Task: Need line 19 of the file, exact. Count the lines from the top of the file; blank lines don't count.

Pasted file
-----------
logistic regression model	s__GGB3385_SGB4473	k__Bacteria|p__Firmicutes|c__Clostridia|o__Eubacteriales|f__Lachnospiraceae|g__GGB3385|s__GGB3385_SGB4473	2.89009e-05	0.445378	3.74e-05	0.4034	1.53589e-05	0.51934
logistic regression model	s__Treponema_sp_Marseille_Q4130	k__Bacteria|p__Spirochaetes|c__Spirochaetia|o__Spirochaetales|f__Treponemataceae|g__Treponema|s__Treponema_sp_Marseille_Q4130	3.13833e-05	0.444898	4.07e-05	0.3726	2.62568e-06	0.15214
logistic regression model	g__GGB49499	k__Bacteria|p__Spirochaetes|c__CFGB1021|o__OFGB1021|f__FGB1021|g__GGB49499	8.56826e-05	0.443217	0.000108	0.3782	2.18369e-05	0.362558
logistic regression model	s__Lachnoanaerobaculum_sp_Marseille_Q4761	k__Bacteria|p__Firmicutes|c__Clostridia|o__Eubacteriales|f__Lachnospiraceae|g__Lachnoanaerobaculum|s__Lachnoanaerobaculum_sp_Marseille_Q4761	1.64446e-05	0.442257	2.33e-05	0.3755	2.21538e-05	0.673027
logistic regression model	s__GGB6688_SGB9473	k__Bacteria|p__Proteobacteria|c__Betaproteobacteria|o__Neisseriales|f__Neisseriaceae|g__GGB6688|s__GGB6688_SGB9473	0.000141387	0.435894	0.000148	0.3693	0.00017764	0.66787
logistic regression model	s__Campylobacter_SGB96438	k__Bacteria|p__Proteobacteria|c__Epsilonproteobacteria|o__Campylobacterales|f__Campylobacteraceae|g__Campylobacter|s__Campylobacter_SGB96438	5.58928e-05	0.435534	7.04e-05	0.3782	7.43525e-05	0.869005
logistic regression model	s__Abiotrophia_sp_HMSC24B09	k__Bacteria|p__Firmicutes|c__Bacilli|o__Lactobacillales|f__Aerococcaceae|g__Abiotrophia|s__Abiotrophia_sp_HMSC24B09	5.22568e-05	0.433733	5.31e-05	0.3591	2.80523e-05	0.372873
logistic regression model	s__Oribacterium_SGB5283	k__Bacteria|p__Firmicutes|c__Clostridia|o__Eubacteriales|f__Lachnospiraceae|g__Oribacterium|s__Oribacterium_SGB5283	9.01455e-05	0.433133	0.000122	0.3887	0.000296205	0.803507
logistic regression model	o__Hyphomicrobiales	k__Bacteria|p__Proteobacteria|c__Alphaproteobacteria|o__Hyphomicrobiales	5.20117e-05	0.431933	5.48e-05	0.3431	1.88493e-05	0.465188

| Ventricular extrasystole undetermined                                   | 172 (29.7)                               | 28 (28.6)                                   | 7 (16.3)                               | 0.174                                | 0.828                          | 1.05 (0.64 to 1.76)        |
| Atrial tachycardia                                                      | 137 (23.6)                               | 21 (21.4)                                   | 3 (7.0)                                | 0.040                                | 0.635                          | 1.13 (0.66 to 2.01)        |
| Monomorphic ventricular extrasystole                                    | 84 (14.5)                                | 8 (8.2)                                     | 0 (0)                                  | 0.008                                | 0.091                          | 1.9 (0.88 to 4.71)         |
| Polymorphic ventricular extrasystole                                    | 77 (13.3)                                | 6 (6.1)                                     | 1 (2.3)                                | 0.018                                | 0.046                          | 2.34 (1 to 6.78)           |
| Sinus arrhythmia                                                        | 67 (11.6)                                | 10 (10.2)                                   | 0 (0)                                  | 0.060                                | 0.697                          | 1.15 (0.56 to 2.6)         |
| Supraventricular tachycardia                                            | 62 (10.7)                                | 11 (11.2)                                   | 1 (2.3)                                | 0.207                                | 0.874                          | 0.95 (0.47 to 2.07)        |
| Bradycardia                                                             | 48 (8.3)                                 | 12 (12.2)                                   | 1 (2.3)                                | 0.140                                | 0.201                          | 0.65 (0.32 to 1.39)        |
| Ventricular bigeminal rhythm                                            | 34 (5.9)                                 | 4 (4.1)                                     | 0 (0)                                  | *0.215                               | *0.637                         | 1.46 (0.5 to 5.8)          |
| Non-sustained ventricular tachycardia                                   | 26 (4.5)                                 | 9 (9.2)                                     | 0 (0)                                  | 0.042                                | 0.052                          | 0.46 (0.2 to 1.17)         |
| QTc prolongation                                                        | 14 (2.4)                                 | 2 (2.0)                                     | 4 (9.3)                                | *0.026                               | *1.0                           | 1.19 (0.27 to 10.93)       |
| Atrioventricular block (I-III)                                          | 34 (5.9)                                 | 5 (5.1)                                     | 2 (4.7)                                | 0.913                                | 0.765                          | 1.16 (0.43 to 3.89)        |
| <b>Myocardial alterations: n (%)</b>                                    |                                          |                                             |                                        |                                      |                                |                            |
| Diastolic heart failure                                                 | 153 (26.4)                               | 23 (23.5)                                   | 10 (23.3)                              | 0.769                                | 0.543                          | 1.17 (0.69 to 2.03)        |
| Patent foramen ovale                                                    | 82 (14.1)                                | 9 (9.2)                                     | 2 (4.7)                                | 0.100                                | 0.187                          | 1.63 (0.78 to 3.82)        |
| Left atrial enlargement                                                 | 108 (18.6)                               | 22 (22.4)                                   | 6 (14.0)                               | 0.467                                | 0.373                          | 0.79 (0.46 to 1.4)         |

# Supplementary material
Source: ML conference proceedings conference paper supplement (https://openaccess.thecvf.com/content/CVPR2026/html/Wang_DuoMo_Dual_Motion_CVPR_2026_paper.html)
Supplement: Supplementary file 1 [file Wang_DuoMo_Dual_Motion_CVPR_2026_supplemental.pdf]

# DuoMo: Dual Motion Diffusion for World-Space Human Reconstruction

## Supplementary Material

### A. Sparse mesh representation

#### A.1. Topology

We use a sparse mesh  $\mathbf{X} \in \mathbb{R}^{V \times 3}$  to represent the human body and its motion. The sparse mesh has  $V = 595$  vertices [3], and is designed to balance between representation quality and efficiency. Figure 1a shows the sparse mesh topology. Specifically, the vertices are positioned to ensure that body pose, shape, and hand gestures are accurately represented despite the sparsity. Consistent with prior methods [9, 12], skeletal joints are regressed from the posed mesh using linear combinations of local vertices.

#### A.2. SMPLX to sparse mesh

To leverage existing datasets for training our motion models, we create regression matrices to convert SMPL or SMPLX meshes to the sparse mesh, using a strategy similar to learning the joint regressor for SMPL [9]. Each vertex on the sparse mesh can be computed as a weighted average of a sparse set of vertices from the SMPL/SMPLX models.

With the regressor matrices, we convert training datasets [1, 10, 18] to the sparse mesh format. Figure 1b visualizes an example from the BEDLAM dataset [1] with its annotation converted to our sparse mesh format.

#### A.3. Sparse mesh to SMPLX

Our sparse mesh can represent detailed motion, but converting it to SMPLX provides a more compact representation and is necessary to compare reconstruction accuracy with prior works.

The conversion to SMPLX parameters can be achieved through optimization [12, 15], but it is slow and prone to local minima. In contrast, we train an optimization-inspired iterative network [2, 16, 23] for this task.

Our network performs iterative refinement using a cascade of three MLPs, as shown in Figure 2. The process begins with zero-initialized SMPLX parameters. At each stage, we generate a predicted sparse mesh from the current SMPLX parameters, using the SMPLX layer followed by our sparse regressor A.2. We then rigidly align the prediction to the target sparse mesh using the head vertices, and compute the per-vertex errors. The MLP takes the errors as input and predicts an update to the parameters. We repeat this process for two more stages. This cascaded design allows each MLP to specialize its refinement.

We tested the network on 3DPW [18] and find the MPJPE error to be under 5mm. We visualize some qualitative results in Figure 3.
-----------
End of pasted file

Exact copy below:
| QTc prolongation                                                        | 14 (2.4)                                 | 2 (2.0)                                     | 4 (9.3)                                | *0.026                               | *1.0                           | 1.19 (0.27 to 10.93)       |